The shinkansen offers reserved and non-reserved seats while local, rapid, and express trains do not. It is the best option to choose when you’re a first-time visitor in Japan. Seat reservations cost roughly 320 to 720 JPY but are free when you have a Japan Rail Pass. The cost of the JR Pass depends on the number of days you will be using it. The cheapest is around 38,880 JPY, which is already consumable for seven days with unlimited and free train rides via trains operated by the JR network.

If you do not have a JR Pass or do not want to avail it, train tickets can be purchased from touch-screen vending machines in major stations. The vending machines have information written in English to be more convenient for tourists and locals.

Additionally, when traveling by shinkansen, you can buy a ticket using your credit card. Tickets can also be purchased from travel agencies in Japan which can be found in some train stations. Seat reservations are available on shinkansen lines and some limited express lines. You can reserve your tickets from a month in advance until the day of your departure.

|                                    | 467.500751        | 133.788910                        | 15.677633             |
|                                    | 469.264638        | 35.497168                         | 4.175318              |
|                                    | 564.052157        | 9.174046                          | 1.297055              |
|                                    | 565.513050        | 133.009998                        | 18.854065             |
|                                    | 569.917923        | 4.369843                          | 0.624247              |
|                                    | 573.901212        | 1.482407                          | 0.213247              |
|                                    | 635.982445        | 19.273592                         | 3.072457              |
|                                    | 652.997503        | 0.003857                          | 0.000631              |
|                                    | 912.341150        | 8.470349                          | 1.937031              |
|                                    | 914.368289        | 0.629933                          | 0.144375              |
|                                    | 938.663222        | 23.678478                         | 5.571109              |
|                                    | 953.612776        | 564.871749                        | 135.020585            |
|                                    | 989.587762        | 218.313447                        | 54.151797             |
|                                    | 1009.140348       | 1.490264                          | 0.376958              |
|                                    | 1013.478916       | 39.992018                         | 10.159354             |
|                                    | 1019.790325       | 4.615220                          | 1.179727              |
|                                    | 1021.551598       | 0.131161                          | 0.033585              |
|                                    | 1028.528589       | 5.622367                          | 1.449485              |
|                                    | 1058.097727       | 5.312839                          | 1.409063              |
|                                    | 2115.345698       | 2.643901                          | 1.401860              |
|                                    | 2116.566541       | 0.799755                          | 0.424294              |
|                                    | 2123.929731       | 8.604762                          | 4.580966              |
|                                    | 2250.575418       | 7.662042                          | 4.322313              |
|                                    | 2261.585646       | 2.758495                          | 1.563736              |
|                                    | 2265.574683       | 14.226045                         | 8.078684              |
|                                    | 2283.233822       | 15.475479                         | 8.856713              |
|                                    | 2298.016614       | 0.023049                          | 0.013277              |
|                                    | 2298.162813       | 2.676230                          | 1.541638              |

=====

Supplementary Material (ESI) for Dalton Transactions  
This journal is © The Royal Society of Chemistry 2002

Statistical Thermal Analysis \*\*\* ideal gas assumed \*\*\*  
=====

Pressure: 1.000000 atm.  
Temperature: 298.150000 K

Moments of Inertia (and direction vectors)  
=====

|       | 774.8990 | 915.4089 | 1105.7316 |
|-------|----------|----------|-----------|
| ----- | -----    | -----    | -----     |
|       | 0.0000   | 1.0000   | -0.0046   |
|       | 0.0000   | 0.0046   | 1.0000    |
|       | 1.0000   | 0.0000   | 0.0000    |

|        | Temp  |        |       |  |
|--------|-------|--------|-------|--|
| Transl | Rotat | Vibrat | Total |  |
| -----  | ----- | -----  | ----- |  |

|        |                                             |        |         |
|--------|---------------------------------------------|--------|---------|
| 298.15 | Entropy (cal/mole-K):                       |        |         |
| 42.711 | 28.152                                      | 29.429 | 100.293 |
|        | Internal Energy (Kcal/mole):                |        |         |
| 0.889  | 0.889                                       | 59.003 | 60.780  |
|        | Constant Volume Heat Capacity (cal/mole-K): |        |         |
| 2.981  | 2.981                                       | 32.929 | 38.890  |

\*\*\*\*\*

Like its railway systems, Japan also has a cost-effective and safe network of subways in its big cities to allow ease of traffic and transportation around its urban areas. Fukuoka, Kobe, Kyoto, Nagoya, Osaka, Sendai, Sapporo, Tokyo, and Yokohama have subway networks linked to some rail systems such as JR Yamanote Line in Tokyo, JT Loop Line in Osaka, and JR shinkansen lines.

Almost all the subway systems in Japan start operating at 5 am until midnight. There are maps across all subway stations with directions and information that are easy to understand. If traveling alone or for the first time, do not fret as all information and announcements in subway stations are in Japanese and English to help locals and tourists navigate.

When buying a ticket in subway stations, go straight to the machine. If you’re not familiar with the Japanese language, there is an English button at the lower left corner of the console for you. Simply follow the instructions stated in the machine and choose the fare that you want to purchase. Once you have chosen a fare, a ticket will be dispensed from the machine which will serve as your subway pass.

The minimum fare in the Fukuoka subway is around 210 JPY. Aside from the regular fare, they also offer one-day passes worth 640 JPY which can get you discounts on some Fukuoka museums. Meanwhile, the fare at Kobe subway starts at 210 JPY, and they also offer one-day subway passes for 820 JPY or a subway and bus passes for 1,030 JPY.

The Kyoto subway on the other hand, offers a one-day or two-day Kyoto Sightseeing Ticket for unlimited use on buses and subway trains, which cost 1,200 JPY and 2,000 JPY respectively. Compared to the Kobe subway, the fare at the Nagoya subway starts at 200 JPY. Plus, they also offer a one-day pass worth 740 JPY and a one-day subway plus bus pass worth 850 JPY.